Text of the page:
waste.  For example, while all of U.S. indus-
try together injects approximately nine
billion gallons of hazardous waste each year,
one state alone injects 55 times that amount
in non-hazardous wastes.

  Under the UIC Program, EPA and the
    states regulate more than 400,000
  injection wells. Class I wells comprise
       less than one percent of the
        injection wells in the U.S.

 The chemical, petroleum and metals
industries use most of the Class I hazardous
waste injection wells in the country. The
geology of the Gulf Coast and Great Lakes is
best suited for these types of wells. Thirteen
states have Class I hazardous waste injection
wells; Texas has the most.

 Almost half of the fluids injected into non-
hazardous and municipal waste injection
wells are manufacturing wastes; municipal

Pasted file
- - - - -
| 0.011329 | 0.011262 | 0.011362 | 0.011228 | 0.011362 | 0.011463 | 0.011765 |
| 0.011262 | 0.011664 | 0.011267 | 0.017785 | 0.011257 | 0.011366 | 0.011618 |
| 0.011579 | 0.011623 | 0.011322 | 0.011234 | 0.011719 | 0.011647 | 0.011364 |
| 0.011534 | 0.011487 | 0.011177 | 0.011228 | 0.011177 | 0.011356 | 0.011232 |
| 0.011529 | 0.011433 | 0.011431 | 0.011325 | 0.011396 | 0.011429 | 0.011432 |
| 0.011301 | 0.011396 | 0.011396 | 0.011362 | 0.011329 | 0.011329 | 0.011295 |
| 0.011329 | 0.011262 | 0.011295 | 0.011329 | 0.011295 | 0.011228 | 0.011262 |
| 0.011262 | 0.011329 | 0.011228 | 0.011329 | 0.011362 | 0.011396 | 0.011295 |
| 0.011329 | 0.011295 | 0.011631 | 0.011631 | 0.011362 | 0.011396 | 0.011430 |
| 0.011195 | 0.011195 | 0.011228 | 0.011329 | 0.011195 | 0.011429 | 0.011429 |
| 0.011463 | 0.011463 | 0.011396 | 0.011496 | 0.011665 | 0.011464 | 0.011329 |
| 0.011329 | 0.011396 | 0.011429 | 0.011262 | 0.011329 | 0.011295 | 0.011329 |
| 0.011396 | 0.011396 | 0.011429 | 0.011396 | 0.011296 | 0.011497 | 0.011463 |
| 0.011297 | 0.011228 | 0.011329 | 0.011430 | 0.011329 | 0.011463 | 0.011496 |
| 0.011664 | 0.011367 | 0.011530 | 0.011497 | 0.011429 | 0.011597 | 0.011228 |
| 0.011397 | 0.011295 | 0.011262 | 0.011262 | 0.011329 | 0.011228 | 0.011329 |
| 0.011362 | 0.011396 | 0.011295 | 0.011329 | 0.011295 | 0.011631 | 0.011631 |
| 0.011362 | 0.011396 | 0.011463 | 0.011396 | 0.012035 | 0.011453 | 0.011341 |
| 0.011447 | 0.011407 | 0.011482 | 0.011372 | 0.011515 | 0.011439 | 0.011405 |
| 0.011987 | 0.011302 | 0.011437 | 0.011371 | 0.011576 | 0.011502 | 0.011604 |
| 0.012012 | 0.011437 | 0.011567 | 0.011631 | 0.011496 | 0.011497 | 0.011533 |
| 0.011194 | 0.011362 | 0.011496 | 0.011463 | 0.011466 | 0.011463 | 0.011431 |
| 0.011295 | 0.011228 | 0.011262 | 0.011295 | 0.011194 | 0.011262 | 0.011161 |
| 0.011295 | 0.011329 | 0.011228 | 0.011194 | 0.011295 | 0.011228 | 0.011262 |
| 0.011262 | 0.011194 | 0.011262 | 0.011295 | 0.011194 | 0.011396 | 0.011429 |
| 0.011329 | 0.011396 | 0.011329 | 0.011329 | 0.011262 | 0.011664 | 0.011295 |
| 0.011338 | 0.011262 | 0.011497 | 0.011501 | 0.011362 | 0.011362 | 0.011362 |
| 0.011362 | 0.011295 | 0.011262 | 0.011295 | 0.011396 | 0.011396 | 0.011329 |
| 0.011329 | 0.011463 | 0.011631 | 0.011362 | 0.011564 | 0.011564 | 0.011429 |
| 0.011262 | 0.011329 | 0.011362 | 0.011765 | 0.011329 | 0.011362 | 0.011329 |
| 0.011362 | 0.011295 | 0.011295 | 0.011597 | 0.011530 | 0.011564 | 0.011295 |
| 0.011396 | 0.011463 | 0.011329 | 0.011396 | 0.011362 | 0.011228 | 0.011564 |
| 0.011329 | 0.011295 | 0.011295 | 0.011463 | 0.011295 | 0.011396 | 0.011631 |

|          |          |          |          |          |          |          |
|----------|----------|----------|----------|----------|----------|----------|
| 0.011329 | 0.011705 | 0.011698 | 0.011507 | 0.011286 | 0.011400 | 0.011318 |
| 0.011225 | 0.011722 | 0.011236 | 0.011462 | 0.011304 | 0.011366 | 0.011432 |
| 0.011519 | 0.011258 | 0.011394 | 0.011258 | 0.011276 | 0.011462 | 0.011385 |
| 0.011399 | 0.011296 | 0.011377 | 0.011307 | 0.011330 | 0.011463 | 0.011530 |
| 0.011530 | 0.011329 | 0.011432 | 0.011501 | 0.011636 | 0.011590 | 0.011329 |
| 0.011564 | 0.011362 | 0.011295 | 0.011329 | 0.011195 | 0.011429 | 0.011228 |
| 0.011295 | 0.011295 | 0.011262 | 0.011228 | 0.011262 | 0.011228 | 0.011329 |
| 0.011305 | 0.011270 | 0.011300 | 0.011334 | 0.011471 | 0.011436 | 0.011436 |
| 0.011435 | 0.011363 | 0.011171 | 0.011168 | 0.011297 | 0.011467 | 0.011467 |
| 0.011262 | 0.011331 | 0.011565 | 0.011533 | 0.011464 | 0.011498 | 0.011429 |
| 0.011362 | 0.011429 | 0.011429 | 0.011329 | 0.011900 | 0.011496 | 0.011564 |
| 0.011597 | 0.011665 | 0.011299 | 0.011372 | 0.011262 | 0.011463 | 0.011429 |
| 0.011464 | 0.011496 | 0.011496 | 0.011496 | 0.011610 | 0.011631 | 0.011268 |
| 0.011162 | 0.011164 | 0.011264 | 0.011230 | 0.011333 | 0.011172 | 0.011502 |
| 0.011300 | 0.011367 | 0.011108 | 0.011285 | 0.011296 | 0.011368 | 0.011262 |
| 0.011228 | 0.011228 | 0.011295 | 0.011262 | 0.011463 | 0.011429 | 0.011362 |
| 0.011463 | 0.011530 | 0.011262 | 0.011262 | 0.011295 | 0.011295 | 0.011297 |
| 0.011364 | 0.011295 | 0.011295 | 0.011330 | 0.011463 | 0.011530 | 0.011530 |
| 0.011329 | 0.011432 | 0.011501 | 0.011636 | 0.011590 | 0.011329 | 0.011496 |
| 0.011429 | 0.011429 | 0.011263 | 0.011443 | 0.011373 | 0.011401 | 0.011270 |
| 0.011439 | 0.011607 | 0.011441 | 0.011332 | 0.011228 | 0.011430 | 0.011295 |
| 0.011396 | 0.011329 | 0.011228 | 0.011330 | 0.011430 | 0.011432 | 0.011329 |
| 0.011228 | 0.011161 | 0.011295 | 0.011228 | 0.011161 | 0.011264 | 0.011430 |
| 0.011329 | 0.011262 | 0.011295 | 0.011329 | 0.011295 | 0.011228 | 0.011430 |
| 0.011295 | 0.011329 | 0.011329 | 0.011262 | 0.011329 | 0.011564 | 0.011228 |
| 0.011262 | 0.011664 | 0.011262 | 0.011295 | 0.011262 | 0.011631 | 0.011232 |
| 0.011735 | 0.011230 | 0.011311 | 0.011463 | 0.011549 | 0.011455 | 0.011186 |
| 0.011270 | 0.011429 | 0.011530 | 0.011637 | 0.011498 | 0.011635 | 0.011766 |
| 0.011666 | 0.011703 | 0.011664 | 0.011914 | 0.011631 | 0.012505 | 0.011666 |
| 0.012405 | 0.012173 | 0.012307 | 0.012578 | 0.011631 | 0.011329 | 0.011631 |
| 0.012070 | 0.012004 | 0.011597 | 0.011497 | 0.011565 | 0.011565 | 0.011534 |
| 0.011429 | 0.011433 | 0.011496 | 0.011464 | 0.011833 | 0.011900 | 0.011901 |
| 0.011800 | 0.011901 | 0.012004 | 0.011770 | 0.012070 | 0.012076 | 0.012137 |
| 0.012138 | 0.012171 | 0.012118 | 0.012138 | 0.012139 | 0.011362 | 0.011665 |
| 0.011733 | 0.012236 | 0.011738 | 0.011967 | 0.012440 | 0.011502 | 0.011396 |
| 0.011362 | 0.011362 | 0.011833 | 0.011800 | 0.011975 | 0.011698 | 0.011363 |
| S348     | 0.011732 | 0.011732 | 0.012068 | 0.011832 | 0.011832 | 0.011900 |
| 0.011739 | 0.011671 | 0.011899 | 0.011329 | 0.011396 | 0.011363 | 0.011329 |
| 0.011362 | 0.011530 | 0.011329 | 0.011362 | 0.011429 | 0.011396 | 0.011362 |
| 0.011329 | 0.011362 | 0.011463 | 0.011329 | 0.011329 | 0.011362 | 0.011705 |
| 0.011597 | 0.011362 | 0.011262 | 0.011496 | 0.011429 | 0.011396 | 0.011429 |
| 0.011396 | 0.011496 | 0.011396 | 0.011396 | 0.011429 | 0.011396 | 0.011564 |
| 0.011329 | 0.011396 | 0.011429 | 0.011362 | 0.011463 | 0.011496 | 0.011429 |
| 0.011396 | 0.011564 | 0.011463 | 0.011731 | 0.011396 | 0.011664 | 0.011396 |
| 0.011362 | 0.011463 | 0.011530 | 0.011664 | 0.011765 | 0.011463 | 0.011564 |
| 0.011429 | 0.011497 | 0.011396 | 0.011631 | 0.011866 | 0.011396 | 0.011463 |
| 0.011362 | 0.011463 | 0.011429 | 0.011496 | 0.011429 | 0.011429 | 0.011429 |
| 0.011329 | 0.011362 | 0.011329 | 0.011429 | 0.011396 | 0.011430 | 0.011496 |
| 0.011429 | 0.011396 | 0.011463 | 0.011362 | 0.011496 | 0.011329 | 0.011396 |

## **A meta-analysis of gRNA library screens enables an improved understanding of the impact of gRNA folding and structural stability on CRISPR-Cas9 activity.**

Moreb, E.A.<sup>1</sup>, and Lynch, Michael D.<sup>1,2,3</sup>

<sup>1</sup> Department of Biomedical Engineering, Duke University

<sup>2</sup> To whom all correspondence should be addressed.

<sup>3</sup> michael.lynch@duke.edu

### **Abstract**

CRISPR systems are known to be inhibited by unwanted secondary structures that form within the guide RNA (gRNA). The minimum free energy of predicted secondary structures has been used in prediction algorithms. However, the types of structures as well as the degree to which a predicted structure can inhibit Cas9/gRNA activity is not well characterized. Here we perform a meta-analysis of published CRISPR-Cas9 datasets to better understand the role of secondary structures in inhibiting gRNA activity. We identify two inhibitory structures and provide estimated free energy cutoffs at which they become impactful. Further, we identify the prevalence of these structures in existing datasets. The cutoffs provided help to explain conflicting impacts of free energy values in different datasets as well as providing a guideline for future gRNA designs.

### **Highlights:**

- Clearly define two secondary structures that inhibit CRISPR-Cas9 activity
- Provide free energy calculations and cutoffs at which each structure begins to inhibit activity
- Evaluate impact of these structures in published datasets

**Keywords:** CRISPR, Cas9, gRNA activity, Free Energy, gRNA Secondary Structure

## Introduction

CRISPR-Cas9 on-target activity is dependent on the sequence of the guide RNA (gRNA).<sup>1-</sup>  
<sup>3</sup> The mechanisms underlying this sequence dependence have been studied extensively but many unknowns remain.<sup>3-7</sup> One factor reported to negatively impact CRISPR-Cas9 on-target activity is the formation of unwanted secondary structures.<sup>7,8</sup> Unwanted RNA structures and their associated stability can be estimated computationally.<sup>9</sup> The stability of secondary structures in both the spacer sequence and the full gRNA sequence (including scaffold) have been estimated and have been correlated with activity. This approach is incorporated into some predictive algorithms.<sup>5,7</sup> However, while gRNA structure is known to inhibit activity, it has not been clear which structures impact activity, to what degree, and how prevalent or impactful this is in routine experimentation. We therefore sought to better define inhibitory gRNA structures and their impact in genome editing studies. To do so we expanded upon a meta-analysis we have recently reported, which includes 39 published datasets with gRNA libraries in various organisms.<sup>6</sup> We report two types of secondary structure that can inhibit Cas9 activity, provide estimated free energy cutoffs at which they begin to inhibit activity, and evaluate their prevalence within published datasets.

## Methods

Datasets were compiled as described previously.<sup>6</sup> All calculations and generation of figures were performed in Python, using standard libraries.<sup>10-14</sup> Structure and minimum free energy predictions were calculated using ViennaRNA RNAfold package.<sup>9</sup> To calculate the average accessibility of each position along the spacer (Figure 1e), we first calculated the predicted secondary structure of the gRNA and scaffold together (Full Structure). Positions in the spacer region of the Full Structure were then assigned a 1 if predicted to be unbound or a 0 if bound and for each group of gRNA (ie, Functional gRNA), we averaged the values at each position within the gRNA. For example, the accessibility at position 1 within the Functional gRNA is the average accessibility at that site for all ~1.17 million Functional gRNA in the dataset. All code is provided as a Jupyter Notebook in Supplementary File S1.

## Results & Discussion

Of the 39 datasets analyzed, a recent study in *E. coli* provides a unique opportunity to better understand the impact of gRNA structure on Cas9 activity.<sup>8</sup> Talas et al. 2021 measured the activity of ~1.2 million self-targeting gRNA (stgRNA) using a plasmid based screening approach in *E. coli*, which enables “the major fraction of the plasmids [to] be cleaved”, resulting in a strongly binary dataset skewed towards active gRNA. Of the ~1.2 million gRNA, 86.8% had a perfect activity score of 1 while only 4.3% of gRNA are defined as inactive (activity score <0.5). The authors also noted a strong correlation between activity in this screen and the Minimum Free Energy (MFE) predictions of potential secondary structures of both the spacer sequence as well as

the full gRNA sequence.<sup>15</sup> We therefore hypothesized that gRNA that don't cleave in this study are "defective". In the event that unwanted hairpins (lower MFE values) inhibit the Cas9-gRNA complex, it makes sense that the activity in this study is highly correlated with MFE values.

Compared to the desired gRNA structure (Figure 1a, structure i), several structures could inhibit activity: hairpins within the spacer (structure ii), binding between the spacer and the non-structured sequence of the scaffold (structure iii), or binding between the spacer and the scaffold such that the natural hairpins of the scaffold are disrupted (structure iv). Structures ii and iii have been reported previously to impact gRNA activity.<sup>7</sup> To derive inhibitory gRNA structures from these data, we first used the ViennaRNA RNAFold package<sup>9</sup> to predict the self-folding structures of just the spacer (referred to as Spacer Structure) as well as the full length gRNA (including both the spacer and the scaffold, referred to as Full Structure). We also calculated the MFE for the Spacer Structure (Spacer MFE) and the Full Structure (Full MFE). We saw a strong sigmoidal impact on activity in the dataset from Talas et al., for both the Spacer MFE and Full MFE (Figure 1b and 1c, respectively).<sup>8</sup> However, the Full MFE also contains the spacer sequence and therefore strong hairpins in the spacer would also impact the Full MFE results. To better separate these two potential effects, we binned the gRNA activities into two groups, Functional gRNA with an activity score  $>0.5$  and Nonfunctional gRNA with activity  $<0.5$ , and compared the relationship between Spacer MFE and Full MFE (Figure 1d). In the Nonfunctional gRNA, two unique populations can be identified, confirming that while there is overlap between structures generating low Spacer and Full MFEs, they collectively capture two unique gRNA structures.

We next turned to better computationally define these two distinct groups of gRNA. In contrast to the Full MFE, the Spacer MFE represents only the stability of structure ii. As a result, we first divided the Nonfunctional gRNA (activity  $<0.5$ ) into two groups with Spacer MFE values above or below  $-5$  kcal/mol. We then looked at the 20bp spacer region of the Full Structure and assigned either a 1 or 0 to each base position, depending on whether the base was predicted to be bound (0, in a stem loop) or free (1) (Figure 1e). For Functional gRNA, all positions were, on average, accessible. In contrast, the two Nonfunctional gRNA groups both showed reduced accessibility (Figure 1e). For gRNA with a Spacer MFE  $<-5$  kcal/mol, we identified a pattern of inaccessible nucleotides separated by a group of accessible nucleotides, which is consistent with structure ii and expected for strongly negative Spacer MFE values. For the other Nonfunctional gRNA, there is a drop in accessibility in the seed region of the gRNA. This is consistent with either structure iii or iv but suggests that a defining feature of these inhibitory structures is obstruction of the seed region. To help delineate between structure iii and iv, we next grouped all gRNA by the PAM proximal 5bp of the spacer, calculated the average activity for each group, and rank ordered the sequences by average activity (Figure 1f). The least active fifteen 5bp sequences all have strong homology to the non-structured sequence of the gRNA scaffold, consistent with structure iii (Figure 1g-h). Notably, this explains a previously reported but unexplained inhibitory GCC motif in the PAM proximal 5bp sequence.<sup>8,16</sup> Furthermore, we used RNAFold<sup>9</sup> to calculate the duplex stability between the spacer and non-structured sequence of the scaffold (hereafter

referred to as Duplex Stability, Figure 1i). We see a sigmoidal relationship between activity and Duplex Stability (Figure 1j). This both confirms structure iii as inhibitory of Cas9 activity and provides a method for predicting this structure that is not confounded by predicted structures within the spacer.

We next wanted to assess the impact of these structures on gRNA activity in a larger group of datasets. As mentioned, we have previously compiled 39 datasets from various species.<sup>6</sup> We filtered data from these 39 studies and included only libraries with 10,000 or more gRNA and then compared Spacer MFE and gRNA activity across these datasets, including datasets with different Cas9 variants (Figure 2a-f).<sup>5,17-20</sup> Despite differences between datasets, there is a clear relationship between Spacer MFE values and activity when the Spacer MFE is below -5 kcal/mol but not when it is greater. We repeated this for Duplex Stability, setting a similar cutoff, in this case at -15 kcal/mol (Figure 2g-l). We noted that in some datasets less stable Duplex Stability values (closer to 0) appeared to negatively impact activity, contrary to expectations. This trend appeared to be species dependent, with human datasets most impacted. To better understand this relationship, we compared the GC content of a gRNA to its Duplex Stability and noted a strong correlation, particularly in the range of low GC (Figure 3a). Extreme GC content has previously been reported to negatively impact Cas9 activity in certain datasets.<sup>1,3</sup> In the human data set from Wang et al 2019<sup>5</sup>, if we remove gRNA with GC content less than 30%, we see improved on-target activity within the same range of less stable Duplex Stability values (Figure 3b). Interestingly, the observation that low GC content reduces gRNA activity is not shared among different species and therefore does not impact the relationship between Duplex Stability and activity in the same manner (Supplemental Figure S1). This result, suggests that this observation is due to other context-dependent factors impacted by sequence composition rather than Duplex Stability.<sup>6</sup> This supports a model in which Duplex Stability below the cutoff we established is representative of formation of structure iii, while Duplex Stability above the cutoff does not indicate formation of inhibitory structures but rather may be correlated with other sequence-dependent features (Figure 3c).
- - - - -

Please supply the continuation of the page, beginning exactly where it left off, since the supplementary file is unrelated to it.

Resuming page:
effluent accounts for approximately 28% of
the Class I non-hazardous wastes. Florida
has the greatest number of non-hazard-
ous/non-commercial wells, followed by Texas
and Kansas.
How Does EPA Protect
Drinking Water from Class I
 If Class I waste moves out of the injection
zone, it could threaten underground drinking
water sources. Therefore, EPA's Under-
ground Injection Control program stringently
regulates these wells.  A 1989 EPA study
found that injecting wastes in Class I wells is
safer than burying them in landfills, storing
them in tanks, or burning the waste in

 EPA sets minimum design, operation and
siting requirements to ensure that Class I
wells are a safe means of waste disposal.
EPA's standards include provisions that Class
I injection wells must be:

     Constructed with several layers of
     concentric tubing and cement to
     provide redundant layers of protec-
     tion, and

     Sited so that the hazardous fluids
     stay within the injection zone for as
     long as they remain hazardous.
 To ensure that hazardous wastes do not leak
from these wells, EPA requires operators to
test them at least once a year.  The operator
also must install and use devices to monitor
waste injection pressure, flow rate, and
temperature. The well is designed to auto-
matically shut down in the event of a well
failure.  EPA periodically inspects Class I